- Organic agriculture acts as a carbon sink: new research has shown that what is IN the soil itself (microbes and other soil organisms in healthy soil) is more important in sequestering carbon that what grows ON the soil. And compared to forests, agricultural soils may be a more secure sink for atmospheric carbon, since they are not vulnerable to logging and wildfire. The Rodale Institute Farming Systems Trial (FST) soil carbon data (which covers 30 years) demonstrates that improved global terrestrial stewardship–specifically including regenerative organic agricultural practices–can be the most effective currently available strategy for mitigating CO2 emissions.
- It eliminates the use of synthetic fertilizers, pesticides and genetically modified organisms (GMOs) which is an improvement in human health and agrobiodiversity
- It conserves water (making the soil more friable so rainwater is absorbed better – lessening irrigation requirements and erosion)
- It ensures sustained biodiversity
We’re not great fans of synthetics: Polyester is made from crude oil, and is the terminal product in a chain of very reactive and toxic precursors. The manufacturing process requires workers and our environment to be exposed to some or all of the chemicals produced during the manufacturing process. There is no doubt that the manufacture of polyester is an environmental and public health burden that we would be better off without.
But there is a great quantity of existing polyester on this Earth, and there is only so much farmland that is available for cotton and other fiber crops, even though we have enough land to grow all the food and fiber we like, at least in theory.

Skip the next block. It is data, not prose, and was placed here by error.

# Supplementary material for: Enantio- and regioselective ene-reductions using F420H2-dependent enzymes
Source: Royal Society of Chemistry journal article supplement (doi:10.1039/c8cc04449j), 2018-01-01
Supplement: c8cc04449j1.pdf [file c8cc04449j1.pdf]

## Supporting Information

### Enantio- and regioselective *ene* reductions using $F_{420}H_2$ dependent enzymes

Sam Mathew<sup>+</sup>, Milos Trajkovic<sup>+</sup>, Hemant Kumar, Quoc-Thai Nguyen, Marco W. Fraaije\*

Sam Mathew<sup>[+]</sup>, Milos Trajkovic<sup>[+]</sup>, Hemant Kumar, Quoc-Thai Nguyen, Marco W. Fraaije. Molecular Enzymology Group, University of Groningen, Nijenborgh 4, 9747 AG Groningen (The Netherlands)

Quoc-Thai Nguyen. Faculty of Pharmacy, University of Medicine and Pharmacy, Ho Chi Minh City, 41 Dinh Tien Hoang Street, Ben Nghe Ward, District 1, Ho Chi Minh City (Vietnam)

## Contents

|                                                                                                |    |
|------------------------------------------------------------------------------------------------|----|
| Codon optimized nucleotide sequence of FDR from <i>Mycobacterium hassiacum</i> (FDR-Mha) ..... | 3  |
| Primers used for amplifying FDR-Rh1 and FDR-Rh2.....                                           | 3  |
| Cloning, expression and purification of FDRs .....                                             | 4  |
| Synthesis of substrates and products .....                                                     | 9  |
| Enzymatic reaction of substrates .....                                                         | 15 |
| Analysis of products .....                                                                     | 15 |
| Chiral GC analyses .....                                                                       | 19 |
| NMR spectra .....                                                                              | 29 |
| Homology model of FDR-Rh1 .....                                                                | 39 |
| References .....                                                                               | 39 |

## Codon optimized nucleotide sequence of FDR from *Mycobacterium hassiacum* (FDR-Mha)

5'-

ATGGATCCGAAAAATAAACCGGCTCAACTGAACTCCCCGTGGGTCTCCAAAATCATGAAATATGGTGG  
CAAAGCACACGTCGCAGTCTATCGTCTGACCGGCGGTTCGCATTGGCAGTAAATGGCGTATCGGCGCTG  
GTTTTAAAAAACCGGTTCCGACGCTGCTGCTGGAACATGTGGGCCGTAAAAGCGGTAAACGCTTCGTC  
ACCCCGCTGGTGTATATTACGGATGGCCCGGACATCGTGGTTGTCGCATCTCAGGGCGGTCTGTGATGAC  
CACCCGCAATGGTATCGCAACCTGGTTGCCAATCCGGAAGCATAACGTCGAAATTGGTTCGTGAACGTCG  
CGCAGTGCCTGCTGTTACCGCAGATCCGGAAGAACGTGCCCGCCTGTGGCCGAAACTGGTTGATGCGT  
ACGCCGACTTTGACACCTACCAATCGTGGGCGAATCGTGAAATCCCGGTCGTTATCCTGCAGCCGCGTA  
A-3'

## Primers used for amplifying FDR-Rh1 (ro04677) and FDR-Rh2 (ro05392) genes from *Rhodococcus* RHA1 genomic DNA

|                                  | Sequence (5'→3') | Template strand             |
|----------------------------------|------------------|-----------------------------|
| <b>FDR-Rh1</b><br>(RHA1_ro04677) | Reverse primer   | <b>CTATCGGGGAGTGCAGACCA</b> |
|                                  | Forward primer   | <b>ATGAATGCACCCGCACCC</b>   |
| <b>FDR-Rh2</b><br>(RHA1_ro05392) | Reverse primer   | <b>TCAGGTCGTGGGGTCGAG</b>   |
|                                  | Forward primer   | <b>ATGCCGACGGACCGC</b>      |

The biggest drawback to polyester production is that it requires a lot of energy, which means burning fuel for power and contributing to climate change. But to put that in perspective, Linda Greer, director of the health program at the Natural Resources Defense Council, says you actually release more carbon dioxide burning a gallon of gas than producing a polyester shirt.
However factories where polyester is produced which do not have end-of-pipe wastewater treatment systems release antimony along with a host of other potentially dangerous substances like cobalt, manganese salts, sodium bromide, and titanium dioxide into the environment.
In theory, cotton is biodegradable and polyester is not. But the thing is, the way we dispose of clothing makes that irrelevant. For cotton clothes to break down, they have to be composted, which doesn’t happen in a landfill.
The bottom line is that while the rise of polyester is not good news for the planet, a big increase in cotton production wouldn’t be any better, according to many sources: Both fabrics are created in huge factory plants, both go trough multiple chemical processes to make the final product, and both will be shipped around the globe. (https://www.sewingpartsonline.com/blog/411-cotton-vs-polyester-pros-cons/)
But we keep returning to one point: there are already polyester bottles in existence. World demand for polyester in 2014 was a bit more than 46 million tons. Only a small percentage of that is used for bottles, but that’s still a lot of bottles – in the United States, more than 42 billion bottles of water (only water!) were produced in 2010. Doesn’t it make sense to re-use some of these bottles?
Mulling over the possibilities. Let us know how you feel.
 “Plastics, the environment and human health”, Thompson, et al, Philosophical Transactions of the Royal Society, Biological Sciences, July 27, 2009
 Atkisson, Alan, “Food, Fuel and Fiber? The Challenge of Using the Earth to Grow Energy”, December 2008, worldchanging.com
 Carmichael, Alasdair “Man made Fibers Continue to Grow”, Textile World, http://www.textileworld.com/Issues/2015/_2014/Fiber_World/Man-Made_Fibers_Continue_To_Grow